Macy's earnings offer clues to the holiday shopping season

Macy's reported a 23 percent increase in its fiscal third quarter but cut its annual profit outlook because of a sales shortfall in the period. Macy's is the first of the major retailers to report Q3 results, which should provide a glimpse into shoppers' mindset as the retail industry gears up for the critical holiday shopping season.

Mark Lennihan/AP/File
The Macy's logo is illuminated on the front of the department store in New York. Like many retailers catering to the middle class, Macy's is facing economic headwinds.

Macy's Inc. reported a 23 percent increase in its fiscal third quarter earnings as some expenses fell. But the department store cut its annual profit outlook because of a sales shortfall in the period.

Macy's, a standout among its peers throughout the economic recovery, is the first of the major retailers to report third quarter results, which should provide a glimpse into shoppers' mindset as the retail industry gears up for the critical holiday shopping season.

J.C. Penney reports late Wednesday and Wal-Mart Stores Inc., the world's largest retailer and Kohl's Inc. are expected to report results on Thursday.

Like many retailers catering to the middle class, Macy's is facing economic headwinds. While the job market is improving, shoppers are still grappling with stagnant wages. That environment has led several chains including Kohl's and J.C. Penney to caution that fall sales were weaker than they had expected.

Still, Macy's, which operates upscale Bloomingdale's, has benefited from its focus on tailoring merchandise to local markets. It's also trying to create a more seamless experience for shoppers who are going back and forth from stores to websites.

This fall, it's testing a same-day delivery service for products purchased at Macys.com, bloomingdales.com or on its mobile-enabled websites. Macy's is also offering same-day delivery to customers in eight major U.S. markets — Chicago, Houston, Los Angeles, New Jersey, San Francisco, San Jose, Seattle and Washington, D.C. Bloomingdale's is testing same-day delivery to customers in four major markets— Chicago, Los Angeles, San Francisco and San Jose.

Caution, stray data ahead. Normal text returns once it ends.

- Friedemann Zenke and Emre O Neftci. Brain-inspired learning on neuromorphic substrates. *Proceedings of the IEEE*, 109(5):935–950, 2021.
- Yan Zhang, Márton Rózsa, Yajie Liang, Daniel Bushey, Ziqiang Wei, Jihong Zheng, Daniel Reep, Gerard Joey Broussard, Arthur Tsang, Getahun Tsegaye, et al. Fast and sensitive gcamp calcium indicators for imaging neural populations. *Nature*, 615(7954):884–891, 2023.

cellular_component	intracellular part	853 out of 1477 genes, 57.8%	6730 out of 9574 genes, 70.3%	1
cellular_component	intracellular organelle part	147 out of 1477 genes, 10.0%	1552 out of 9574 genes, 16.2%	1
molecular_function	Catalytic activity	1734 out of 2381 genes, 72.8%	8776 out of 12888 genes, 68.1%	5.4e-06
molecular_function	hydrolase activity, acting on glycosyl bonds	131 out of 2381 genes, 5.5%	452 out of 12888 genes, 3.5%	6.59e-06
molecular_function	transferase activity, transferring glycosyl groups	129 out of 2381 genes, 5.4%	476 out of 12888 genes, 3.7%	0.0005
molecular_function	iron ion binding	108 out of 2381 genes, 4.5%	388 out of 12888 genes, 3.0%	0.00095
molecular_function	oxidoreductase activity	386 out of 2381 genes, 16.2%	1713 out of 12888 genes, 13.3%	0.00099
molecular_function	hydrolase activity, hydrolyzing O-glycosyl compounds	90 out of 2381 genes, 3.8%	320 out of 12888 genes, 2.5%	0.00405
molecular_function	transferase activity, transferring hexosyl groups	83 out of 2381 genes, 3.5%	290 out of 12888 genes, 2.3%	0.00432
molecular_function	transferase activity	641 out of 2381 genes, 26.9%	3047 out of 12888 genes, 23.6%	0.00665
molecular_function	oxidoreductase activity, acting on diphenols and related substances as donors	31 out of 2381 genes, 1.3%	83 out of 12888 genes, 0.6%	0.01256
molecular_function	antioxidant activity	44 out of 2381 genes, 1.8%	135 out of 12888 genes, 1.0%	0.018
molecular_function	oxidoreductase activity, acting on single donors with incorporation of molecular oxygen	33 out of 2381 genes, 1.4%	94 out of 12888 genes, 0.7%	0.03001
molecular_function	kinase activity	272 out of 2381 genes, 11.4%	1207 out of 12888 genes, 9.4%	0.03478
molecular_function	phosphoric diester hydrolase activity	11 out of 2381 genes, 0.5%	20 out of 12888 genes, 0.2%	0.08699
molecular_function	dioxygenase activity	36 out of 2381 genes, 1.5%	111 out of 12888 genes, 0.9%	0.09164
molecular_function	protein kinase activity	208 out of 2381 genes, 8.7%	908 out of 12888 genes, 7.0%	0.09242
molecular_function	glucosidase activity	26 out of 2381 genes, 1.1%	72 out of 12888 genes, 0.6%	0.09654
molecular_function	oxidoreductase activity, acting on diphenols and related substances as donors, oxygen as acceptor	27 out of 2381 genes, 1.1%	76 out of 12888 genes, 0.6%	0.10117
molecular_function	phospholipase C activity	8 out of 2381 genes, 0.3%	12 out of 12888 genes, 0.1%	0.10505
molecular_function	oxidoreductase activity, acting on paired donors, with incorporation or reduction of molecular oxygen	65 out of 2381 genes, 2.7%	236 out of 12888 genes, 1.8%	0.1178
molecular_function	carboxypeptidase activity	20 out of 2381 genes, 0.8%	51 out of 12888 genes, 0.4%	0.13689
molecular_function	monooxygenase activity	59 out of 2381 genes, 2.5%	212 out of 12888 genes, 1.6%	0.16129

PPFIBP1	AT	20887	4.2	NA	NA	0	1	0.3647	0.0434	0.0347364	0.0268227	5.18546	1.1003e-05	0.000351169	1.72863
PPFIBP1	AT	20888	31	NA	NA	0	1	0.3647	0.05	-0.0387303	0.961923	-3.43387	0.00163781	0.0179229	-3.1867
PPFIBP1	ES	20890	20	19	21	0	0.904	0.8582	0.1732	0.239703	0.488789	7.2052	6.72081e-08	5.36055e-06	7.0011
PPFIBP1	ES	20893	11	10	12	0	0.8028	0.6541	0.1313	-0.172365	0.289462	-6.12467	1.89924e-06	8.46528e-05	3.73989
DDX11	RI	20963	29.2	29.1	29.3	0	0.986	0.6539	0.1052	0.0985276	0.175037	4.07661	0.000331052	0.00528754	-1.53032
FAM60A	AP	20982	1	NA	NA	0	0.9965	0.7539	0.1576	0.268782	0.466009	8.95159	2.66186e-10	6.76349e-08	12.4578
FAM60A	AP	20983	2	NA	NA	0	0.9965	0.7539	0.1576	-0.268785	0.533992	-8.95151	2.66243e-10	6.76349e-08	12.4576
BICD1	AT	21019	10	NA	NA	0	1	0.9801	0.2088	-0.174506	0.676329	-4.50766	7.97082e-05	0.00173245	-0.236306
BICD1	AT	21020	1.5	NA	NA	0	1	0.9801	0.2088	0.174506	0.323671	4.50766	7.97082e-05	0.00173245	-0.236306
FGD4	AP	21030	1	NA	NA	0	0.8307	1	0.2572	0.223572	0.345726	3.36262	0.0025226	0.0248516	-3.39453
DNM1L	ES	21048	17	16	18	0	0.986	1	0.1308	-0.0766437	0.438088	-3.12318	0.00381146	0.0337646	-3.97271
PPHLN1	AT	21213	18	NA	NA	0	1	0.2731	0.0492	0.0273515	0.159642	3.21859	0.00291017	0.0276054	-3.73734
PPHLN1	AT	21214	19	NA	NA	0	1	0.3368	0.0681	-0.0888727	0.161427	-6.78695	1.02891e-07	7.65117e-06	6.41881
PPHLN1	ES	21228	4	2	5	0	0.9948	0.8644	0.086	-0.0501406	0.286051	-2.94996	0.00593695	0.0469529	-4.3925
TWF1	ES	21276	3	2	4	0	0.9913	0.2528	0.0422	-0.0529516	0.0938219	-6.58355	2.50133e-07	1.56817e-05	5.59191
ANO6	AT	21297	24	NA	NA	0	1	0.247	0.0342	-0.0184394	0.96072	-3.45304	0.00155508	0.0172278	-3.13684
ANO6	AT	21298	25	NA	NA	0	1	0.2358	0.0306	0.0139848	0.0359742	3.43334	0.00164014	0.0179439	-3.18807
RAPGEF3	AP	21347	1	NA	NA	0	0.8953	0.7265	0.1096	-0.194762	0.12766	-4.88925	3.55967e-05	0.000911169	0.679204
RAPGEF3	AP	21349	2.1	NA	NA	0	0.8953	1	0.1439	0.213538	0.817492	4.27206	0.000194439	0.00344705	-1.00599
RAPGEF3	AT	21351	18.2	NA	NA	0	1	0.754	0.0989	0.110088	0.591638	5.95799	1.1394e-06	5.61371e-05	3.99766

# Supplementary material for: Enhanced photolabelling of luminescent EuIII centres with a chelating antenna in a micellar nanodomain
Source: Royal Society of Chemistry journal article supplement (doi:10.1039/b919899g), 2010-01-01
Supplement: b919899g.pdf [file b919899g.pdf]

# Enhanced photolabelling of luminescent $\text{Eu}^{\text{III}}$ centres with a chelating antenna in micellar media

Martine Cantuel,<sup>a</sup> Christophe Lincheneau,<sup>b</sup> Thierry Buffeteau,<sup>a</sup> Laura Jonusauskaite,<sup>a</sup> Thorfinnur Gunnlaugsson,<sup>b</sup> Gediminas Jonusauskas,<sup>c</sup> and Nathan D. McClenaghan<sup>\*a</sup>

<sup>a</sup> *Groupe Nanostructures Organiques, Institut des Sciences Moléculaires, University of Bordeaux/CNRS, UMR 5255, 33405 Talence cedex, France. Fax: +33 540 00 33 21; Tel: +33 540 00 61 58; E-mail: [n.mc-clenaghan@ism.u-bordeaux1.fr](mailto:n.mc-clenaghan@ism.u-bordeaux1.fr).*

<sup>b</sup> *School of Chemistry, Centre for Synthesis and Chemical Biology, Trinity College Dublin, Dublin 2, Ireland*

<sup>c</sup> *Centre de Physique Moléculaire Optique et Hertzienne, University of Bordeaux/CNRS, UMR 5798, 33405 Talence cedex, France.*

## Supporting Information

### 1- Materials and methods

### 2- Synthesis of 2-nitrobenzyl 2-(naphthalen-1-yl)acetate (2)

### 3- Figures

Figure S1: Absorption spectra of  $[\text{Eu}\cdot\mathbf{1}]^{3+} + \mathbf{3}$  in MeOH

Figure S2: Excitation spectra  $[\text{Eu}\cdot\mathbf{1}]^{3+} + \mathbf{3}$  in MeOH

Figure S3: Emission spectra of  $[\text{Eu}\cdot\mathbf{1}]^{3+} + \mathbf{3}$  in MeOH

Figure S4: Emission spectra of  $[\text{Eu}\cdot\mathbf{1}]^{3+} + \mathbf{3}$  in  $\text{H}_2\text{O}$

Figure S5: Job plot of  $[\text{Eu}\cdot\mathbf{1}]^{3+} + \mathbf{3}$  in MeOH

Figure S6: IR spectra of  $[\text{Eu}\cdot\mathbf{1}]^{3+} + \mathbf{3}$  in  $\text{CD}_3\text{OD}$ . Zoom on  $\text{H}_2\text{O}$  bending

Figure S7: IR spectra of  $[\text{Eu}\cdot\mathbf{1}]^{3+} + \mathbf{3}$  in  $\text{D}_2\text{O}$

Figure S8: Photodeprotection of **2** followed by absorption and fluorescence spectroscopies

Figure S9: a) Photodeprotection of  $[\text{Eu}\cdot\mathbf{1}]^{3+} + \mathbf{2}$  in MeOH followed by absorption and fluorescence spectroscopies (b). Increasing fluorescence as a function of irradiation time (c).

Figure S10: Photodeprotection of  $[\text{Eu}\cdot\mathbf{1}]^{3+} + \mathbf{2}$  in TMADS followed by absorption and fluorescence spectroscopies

The company has also rolled out to all Macy's and Bloomingdale's stores a service that allows shoppers to buy online and then pick up the merchandise from the stores.

For the period ended Nov. 1, Macy's earned $217 million, or 61 cents per share. That's up from $177 million, or 47 cents per share, a year earlier.

Analysts surveyed by FactSet predicted earnings of 50 cents per share.

Revenue dipped 1 percent to $6.2 billion from $6.28 billion. This fell short of Wall Street's forecast of $6.34 billion.

Revenue at stores opened at least a year, combined with comparable sales of departments licensed to third parties were down 0.7 percent in the third quarter. Exclusive of the licensed revenue, that number was down 1.4 percent.

Macy's Inc., which has corporate offices in New York and Cincinnati, said that it now foresees 2014 earnings between $4.25 and $4.35 per share. Its prior outlook was for $4.40 to $4.50 per share. Analysts expect full-year earnings of $4.41 per share.

Its shares rose $1.09, or 1.9 percent, to $59.68 in premarket trading Wednesday.

You've read  of  free articles. Subscribe to continue.

Dear Reader,

About a year ago, I happened upon this statement about the Monitor in the Harvard Business Review – under the charming heading of “do things that don’t interest you”:

“Many things that end up” being meaningful, writes social scientist Joseph Grenny, “have come from conference workshops, articles, or online videos that began as a chore and ended with an insight. My work in Kenya, for example, was heavily influenced by a Christian Science Monitor article I had forced myself to read 10 years earlier. Sometimes, we call things ‘boring’ simply because they lie outside the box we are currently in.”

If you were to come up with a punchline to a joke about the Monitor, that would probably be it. We’re seen as being global, fair, insightful, and perhaps a bit too earnest. We’re the bran muffin of journalism.

But you know what? We change lives. And I’m going to argue that we change lives precisely because we force open that too-small box that most human beings think they live in.

The Monitor is a peculiar little publication that’s hard for the world to figure out. We’re run by a church, but we’re not only for church members and we’re not about converting people. We’re known as being fair even as the world becomes as polarized as at any time since the newspaper’s founding in 1908.

We have a mission beyond circulation, we want to bridge divides. We’re about kicking down the door of thought everywhere and saying, “You are bigger and more capable than you realize. And we can prove it.”

If you’re looking for bran muffin journalism, you can subscribe to the Monitor for $15. You’ll get the Monitor Weekly magazine, the Monitor Daily email, and unlimited access to CSMonitor.com.